JavaScript array values() function

JavaScript array values() function:

The values() is an inbuilt function of JavaScript array. By using this function, we can get a new array iterator object that holds the array elements.

In this post, we will learn the definition of values function and how to use it with different examples.

Definition of values:

The values() function is defined as like below:

values()

It doesn’t take any argument. Since this is an inbuilt method, you can call it on any JavaScript array.

Return value of values():

The values() function returns a new array iterator object.

Example of values():

Since this function returns a new array iterable object, we can use it to iterate over the items of an array.

Let me show you an example:

let arr = ['hello', 'world', '!!'];

let iterator = arr.values();

for(let e of iterator){
    console.log(e);
}

Here,

  • arr is the given array.
  • values() function is called on this array.
  • The iterator returned by values() function is stored in the iterator variable.
  • The for of loop iterates over the contents of iterator and prints the values.

    • The console.log is printing each value.

If you run this program, it will print the below output:

hello
world
!!

JavaScript values function example

Or, you can use it directly:

let arr = ['hello', 'world', '!!'];

for(let e of arr.values()){
    console.log(e);
}

Example using next():

Let’s try it with next(). We can print the value property of the return value of next() to print the iterator content.

let arr = ['hello', 'world', '!!'];

let iterator = arr.values();

console.log(iterator.next().value);
console.log(iterator.next().value);
console.log(iterator.next().value);

It will print:

hello
world
!!

Note: Iterator is temporary:

The iterator created is a temporary object. Once the iteration is done, if you try to iterate over it again, it will give undefined.

For example:

let arr = ['hello', 'world', '!!'];

let iterator = arr.values();

for(let e of iterator){
    console.log(e);
}

for(let e of iterator){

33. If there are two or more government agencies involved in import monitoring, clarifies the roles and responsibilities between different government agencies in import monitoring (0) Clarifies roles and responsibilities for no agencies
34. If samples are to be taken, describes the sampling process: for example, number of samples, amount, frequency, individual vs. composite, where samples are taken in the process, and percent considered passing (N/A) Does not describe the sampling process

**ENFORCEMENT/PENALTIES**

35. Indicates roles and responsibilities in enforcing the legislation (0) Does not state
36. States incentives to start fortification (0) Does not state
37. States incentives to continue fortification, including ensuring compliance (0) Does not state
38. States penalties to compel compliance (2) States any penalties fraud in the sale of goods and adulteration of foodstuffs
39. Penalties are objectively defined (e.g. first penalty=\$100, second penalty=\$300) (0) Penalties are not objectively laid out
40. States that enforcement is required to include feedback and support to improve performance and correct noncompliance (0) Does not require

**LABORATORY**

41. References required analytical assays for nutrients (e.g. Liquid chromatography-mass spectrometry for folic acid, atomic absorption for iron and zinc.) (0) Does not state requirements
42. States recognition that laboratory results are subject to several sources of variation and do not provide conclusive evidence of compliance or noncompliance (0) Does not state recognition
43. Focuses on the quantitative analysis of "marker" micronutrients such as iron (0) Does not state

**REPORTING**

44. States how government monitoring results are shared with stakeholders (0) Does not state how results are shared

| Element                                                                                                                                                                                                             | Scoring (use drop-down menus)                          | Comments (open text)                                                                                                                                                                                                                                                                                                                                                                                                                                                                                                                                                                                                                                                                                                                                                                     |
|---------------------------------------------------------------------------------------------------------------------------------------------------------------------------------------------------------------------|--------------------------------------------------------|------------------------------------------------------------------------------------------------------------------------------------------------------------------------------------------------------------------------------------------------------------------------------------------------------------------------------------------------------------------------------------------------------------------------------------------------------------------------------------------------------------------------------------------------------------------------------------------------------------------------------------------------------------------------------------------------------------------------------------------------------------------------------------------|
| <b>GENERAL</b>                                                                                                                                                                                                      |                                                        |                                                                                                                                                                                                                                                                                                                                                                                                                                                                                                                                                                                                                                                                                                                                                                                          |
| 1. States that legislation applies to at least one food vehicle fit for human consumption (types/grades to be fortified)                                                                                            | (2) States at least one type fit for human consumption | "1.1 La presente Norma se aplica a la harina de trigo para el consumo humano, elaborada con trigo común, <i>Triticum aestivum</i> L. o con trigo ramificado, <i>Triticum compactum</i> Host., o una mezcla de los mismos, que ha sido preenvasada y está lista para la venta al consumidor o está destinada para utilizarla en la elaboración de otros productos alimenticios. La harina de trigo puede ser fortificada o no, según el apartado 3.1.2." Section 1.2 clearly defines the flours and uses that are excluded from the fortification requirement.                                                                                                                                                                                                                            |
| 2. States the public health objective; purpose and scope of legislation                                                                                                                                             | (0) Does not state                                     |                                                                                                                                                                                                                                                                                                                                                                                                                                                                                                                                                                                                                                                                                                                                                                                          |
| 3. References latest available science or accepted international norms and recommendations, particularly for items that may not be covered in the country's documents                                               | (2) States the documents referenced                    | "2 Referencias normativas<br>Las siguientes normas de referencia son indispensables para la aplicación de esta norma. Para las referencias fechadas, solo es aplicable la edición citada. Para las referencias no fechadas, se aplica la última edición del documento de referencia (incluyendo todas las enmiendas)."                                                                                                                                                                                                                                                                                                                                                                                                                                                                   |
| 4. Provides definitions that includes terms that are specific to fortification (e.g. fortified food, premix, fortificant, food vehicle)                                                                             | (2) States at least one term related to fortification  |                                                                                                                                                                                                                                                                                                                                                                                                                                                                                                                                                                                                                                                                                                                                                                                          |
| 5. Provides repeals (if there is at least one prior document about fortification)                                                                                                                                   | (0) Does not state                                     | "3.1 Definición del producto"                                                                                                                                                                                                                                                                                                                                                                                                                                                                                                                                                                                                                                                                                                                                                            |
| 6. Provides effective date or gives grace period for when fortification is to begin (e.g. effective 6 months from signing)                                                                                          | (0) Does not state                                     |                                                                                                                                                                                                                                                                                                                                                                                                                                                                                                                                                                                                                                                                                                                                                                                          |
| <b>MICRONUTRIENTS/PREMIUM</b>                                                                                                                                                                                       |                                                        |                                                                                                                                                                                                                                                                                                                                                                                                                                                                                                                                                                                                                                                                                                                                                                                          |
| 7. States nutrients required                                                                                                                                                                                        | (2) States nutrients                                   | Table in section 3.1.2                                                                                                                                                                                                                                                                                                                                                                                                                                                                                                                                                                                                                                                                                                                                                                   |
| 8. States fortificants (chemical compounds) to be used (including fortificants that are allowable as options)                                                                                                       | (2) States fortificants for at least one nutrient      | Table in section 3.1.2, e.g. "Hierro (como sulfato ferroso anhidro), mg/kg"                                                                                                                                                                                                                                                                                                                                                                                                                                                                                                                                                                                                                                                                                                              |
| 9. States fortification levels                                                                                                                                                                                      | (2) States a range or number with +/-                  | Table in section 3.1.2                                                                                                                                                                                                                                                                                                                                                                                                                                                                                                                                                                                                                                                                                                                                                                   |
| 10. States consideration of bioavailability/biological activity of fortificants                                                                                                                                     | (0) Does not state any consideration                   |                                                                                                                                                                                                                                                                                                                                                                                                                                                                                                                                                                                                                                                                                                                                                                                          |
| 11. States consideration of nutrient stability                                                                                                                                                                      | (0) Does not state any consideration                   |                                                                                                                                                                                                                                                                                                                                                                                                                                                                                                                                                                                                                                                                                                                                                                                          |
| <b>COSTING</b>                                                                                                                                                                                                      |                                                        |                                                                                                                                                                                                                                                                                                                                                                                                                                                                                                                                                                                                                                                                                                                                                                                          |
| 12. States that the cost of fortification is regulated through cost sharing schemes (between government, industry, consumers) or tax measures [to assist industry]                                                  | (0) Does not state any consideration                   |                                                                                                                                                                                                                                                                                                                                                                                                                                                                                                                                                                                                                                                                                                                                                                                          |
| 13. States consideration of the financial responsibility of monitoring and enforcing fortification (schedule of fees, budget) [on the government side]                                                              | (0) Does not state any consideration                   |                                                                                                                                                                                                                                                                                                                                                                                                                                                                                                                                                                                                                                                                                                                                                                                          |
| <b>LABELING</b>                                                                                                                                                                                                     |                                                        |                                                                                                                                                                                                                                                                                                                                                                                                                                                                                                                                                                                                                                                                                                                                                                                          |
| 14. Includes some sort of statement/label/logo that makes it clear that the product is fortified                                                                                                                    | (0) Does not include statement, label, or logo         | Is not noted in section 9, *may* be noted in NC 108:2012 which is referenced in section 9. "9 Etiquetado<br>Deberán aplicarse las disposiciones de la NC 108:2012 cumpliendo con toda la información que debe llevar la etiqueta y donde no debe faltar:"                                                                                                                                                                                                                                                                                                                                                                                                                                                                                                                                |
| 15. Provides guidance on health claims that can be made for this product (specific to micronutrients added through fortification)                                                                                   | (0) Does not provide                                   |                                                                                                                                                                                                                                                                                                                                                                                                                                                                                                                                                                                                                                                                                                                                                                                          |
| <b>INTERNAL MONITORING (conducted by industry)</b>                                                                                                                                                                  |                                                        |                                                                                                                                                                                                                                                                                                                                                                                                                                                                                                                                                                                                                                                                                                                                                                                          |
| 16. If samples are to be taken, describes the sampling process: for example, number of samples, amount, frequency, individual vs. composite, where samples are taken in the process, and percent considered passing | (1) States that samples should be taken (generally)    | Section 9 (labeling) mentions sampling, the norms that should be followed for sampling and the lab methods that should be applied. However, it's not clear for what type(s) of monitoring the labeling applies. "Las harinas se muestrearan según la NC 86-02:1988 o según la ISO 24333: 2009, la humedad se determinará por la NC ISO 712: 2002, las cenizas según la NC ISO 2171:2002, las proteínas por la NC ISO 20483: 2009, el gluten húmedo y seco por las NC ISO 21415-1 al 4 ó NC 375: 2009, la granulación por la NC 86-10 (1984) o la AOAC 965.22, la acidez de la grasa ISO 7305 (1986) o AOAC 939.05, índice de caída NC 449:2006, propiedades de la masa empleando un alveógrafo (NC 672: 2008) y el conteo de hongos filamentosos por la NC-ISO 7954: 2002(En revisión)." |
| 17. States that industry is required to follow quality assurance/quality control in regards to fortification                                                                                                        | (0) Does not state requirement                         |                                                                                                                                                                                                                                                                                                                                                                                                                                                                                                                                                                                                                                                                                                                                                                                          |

console.log(e);
}

This is the same example we tried above. But, we are using the for..of loop two times with the iterator in this example.

It will print:

hello
world
!!

As you can see, the second loop doesn’t work.

You need to get an iterator each time you are iterating over it.

let arr = ['hello', 'world', '!!'];

for(let e of arr.values()){
    console.log(e);
}

for(let e of arr.values()){
    console.log(e);
}

Both loops work in this program because we are creating a new iterator.

Again, if you use next,

let arr = ['hello', 'world', '!!'];

let iterator = arr.values();

console.log(iterator.next().value);
console.log(iterator.next().value);
console.log(iterator.next().value);
console.log(iterator.next().value);
console.log(iterator.next().value);

The first three will print the contents of the array and once it is done, it will print undefined:

hello
world
!!
undefined
undefined

Note: Iterator stores the address:

When we create an iterator, the items of the array are not stored in that iterator. Instead, it stores the address of the array that calls values(). So, if the array content changed in between, the iterator will return the new value.

For example:

let arr = ['hello', 'world', '!!'];

let iterator = arr.values();

console.log(iterator.next().value);

arr[1] = 'Universe';
arr[2] = '😃';

console.log(iterator.next().value);
console.log(iterator.next().value);

It will print:

hello
Universe
😃

After the first console.log, we changed the second and the third items of the array. So, it printed the new values of the array.

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